The so-called ‘chase for space’ among householders forced to work from home because of the pandemic shows no sign of slowing down, the boss of listed brickmaker Michelmersh has said.
Frank Hanna added around half of the firm’s product was being shipped to cater for the booming RMI market with the remainder split between housebuilders and new build schemes.
A surge in DIY, driven by people looking to reconfigure their homes in the wake of successive lockdowns, is sending demand for bricks at the firm, which produces around 120 million a year, rocketing. Hanna said: “Certainly going into Q4 and Q1 next year, the pace of demand is consistent.”
Michelmersh stocks are expected to be lower in the second half of this year, a combination, Hanna added, of production cycles and some firms taking more product than expected.
Michelmersh’s clients include builders merchants Jewson and Travis Perkins along with housebuilders Crest Nicholson and Berkeley while it has also worked on the Battersea Power Station redevelopment in London.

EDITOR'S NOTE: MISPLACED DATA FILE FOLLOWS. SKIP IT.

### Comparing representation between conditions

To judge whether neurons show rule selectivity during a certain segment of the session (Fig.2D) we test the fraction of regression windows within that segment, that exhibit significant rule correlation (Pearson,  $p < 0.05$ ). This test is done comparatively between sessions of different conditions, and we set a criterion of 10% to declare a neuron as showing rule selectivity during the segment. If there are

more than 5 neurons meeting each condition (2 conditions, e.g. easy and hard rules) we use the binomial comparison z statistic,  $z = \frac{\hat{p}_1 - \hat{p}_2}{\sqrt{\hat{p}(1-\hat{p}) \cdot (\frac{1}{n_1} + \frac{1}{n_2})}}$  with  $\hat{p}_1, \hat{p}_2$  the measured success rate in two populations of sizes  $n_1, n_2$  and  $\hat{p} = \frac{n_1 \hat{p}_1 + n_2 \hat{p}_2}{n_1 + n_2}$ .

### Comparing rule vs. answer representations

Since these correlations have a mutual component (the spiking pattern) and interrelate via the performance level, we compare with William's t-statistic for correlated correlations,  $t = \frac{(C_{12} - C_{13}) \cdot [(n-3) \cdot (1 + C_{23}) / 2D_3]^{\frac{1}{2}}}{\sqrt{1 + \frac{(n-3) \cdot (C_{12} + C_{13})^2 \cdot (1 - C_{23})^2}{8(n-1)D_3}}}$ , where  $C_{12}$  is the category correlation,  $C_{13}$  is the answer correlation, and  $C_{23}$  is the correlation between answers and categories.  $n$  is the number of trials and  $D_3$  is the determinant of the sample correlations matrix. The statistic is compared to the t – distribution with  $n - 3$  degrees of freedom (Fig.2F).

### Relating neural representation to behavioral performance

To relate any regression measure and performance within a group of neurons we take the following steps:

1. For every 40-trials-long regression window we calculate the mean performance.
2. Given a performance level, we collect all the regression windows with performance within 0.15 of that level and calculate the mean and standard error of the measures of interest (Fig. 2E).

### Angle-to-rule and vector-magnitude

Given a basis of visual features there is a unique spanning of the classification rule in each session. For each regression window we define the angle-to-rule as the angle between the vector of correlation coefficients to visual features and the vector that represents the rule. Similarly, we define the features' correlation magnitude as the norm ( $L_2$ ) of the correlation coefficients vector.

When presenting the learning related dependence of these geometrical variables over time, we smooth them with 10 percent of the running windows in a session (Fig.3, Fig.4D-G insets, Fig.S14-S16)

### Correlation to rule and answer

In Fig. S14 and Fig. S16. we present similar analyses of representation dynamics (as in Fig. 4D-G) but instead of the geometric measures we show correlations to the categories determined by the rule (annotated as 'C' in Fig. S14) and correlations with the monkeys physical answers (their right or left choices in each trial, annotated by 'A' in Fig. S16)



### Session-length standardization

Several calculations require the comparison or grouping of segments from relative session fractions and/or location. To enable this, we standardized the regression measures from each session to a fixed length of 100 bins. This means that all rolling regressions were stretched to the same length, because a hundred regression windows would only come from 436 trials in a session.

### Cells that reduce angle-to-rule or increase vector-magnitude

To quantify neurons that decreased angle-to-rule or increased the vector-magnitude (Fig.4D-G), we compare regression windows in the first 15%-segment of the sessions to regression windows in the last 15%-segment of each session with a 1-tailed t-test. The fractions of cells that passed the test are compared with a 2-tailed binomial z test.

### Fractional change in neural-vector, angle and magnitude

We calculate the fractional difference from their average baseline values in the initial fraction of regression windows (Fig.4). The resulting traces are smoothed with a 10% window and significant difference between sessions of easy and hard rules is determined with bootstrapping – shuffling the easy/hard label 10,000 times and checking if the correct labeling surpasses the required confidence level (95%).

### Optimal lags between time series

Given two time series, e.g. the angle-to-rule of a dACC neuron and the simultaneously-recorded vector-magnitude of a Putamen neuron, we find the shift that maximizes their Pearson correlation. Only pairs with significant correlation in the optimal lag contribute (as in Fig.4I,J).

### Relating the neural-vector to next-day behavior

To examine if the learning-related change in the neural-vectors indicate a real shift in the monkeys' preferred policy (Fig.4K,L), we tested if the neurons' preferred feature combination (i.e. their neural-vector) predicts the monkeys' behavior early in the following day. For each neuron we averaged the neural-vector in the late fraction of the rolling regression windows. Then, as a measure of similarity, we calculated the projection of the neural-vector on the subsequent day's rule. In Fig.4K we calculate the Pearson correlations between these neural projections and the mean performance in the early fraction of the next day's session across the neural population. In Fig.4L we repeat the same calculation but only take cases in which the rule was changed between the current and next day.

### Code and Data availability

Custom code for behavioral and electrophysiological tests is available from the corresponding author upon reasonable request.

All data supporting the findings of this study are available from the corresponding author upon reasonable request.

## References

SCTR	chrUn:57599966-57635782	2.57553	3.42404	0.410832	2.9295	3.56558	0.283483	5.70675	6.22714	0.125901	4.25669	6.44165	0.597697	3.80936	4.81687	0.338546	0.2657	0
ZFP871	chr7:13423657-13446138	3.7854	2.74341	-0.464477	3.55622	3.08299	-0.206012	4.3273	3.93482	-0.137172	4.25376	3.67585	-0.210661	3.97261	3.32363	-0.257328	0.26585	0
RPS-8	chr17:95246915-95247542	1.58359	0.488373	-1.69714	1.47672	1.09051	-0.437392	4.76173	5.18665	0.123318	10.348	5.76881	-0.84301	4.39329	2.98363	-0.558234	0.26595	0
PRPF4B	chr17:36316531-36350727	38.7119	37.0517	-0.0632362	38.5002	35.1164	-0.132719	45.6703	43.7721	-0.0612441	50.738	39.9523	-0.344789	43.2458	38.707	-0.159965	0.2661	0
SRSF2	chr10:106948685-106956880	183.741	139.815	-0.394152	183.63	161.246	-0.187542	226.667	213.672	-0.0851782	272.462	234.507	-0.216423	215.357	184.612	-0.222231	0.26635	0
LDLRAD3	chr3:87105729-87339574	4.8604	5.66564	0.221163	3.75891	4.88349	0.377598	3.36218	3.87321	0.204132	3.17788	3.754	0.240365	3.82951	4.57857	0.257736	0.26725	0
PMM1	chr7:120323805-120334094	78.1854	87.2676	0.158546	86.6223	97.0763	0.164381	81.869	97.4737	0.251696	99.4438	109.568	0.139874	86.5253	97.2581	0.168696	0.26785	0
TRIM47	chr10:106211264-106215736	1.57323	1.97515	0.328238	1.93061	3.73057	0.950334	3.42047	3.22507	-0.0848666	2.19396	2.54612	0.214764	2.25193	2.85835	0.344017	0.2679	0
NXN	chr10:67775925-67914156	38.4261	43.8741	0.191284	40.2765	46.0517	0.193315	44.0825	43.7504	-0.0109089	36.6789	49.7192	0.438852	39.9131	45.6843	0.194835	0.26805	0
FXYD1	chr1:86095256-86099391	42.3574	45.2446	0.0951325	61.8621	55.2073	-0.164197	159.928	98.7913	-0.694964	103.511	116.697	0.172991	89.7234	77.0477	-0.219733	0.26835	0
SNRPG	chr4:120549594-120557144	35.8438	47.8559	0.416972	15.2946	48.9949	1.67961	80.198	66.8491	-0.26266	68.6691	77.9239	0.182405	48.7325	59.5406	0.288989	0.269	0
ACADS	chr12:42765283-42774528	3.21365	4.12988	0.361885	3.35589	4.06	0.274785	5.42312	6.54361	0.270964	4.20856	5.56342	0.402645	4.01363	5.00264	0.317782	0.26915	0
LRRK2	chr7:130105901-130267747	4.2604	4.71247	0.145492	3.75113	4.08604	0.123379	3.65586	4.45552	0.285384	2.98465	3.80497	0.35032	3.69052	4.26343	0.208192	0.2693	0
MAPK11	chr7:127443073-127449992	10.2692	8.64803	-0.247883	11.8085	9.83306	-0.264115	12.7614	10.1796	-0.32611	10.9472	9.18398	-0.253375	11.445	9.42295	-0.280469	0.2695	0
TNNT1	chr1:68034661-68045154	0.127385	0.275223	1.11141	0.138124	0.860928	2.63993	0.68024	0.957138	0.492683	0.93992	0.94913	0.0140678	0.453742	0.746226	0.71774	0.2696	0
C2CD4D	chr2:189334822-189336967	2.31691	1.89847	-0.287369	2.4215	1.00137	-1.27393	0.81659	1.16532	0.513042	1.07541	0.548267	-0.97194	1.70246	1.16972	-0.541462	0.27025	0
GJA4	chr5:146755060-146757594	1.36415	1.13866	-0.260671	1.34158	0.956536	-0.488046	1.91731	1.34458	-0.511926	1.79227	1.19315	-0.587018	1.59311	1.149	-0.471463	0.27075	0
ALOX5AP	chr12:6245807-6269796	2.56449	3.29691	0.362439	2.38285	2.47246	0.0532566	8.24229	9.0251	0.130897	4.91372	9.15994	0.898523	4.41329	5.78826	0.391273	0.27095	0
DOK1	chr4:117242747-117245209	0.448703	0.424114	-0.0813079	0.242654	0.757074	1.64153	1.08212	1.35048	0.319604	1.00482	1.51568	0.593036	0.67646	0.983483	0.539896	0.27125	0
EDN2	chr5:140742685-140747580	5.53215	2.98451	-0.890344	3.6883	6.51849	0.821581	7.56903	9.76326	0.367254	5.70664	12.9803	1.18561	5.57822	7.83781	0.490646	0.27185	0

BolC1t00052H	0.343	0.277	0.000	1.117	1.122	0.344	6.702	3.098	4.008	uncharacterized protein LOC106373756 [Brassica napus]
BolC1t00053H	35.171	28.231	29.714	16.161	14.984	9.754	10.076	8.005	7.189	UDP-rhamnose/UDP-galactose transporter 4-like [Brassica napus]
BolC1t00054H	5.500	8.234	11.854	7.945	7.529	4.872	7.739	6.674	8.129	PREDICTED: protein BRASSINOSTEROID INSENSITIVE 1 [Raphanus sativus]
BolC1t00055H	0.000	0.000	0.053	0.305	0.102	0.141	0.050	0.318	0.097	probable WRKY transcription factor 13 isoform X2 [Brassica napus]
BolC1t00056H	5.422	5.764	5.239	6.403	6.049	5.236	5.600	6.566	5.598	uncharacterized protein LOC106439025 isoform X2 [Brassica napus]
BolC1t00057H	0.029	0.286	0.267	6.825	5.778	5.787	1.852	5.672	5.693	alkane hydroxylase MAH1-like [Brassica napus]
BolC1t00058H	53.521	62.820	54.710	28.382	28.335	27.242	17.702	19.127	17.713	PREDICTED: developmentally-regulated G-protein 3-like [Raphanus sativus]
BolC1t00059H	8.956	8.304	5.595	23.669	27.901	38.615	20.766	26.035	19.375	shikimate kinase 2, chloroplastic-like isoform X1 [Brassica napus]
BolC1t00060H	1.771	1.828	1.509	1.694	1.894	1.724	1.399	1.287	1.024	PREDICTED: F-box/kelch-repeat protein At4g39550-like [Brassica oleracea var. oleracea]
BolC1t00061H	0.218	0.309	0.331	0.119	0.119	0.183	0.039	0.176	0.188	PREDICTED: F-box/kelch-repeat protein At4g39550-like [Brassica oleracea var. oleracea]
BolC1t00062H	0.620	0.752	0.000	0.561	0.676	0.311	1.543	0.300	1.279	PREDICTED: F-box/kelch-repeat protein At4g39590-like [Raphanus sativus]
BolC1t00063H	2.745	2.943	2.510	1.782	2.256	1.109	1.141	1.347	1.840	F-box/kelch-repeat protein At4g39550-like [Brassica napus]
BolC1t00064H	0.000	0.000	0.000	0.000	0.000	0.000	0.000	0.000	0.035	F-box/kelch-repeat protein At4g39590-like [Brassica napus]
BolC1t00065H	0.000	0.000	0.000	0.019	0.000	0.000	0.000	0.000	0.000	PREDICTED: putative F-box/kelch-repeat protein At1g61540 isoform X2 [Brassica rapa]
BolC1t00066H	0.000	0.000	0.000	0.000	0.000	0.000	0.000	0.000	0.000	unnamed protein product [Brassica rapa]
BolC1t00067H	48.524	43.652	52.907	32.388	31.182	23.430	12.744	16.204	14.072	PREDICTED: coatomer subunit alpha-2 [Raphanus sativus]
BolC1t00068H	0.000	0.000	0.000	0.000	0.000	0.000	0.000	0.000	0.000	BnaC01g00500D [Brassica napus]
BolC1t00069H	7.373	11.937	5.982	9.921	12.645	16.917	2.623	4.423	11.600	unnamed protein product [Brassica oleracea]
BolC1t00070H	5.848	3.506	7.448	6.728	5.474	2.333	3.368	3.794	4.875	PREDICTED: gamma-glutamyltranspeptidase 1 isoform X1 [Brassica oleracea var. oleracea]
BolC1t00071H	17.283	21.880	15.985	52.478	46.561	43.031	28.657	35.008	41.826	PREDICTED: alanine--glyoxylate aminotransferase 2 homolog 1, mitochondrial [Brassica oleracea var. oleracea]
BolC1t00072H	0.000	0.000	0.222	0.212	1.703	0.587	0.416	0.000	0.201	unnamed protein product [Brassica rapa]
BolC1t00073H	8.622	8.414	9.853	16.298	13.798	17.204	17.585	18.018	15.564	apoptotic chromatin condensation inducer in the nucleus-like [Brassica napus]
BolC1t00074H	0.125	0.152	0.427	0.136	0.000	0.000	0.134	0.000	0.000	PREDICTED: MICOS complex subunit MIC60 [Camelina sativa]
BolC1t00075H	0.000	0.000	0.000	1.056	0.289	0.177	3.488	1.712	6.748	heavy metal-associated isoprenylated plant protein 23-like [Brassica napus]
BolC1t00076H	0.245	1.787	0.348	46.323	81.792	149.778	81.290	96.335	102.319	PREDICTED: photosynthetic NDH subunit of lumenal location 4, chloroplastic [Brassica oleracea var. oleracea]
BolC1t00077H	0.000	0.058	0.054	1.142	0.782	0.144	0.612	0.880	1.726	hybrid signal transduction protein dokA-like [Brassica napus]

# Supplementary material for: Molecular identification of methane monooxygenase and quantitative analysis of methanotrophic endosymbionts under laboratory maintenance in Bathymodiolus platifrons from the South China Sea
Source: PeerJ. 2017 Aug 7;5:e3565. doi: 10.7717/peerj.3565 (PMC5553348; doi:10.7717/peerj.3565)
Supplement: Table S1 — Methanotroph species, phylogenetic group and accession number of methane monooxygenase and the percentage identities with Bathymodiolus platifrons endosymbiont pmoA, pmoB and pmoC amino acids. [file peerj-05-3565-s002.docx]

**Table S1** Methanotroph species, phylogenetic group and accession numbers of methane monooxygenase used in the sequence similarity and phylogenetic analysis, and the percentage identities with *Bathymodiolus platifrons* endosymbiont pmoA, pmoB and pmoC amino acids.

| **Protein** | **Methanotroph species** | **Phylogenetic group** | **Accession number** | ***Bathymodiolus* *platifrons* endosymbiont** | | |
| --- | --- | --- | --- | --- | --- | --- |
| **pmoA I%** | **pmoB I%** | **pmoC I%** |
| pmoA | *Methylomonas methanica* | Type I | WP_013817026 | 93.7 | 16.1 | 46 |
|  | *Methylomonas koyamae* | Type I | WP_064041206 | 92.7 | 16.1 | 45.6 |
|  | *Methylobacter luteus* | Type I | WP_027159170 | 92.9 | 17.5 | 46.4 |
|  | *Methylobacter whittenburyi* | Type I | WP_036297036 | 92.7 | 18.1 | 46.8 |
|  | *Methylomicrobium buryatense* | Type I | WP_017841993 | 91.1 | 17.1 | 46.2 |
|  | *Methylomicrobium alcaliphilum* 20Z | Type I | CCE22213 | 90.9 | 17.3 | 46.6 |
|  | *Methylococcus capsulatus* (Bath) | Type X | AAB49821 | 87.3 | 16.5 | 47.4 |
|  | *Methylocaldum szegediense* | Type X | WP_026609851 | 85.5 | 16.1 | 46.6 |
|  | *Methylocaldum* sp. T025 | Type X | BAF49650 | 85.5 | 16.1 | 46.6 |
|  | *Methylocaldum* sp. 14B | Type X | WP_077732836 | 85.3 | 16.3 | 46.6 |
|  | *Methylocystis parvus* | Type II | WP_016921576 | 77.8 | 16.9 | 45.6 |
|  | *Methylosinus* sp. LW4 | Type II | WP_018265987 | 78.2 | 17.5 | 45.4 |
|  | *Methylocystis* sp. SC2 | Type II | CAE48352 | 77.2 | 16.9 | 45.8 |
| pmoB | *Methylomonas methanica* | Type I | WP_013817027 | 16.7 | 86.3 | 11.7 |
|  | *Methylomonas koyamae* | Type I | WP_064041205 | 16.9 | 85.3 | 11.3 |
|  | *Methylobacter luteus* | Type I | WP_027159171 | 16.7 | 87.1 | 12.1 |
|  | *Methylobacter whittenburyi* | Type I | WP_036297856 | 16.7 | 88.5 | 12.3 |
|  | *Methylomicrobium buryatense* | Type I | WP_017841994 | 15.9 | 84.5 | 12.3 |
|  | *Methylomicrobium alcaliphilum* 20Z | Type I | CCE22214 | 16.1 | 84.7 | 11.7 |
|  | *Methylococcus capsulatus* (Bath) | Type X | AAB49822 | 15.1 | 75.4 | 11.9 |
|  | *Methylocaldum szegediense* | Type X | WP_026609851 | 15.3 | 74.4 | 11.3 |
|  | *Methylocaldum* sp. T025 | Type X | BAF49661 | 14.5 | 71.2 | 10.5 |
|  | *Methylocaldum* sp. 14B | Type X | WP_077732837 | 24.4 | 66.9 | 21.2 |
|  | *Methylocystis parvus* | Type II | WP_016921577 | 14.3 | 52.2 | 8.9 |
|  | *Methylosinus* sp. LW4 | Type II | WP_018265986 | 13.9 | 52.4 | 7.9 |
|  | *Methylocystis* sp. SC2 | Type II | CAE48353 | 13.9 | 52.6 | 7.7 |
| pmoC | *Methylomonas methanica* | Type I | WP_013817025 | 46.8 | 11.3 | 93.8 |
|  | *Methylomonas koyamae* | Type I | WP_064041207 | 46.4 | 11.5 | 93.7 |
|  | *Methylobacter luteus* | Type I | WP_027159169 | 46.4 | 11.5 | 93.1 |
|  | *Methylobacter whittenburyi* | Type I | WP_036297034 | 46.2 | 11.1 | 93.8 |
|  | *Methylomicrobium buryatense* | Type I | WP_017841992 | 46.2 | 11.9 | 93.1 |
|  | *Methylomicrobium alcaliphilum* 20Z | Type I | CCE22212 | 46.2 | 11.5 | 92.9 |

Yesterday, the firm said income in the first six months of the year was up one third to £30m with pre-tax profit jumping 150% to £5m from the same period last time when its bottom line was ravaged by the first lockdown last spring.
Hanna said the firm expected its financial numbers in the second half to be down on those in the first six months of the year with the company warning it was taking a cautious approach on the impact of covid on its 360 staff.
“The pingdemic has caused us problems,” Hanna admitted. “We have very covid secure factories but we have to be mindful of what the situation was like last year.”
He added Michelmersh is also having to juggle a shortage of lorry drivers and trucks to get its products to builders merchants. “We use our own transport and external hauliers. It has got more challenging but it hasn’t affected our performance.”
Analysts are expecting the firm’s 2021 results to see revenue of around £57.5m, up 10.5%, and pre-tax profit of around £9.5m, up from £6.9m last time.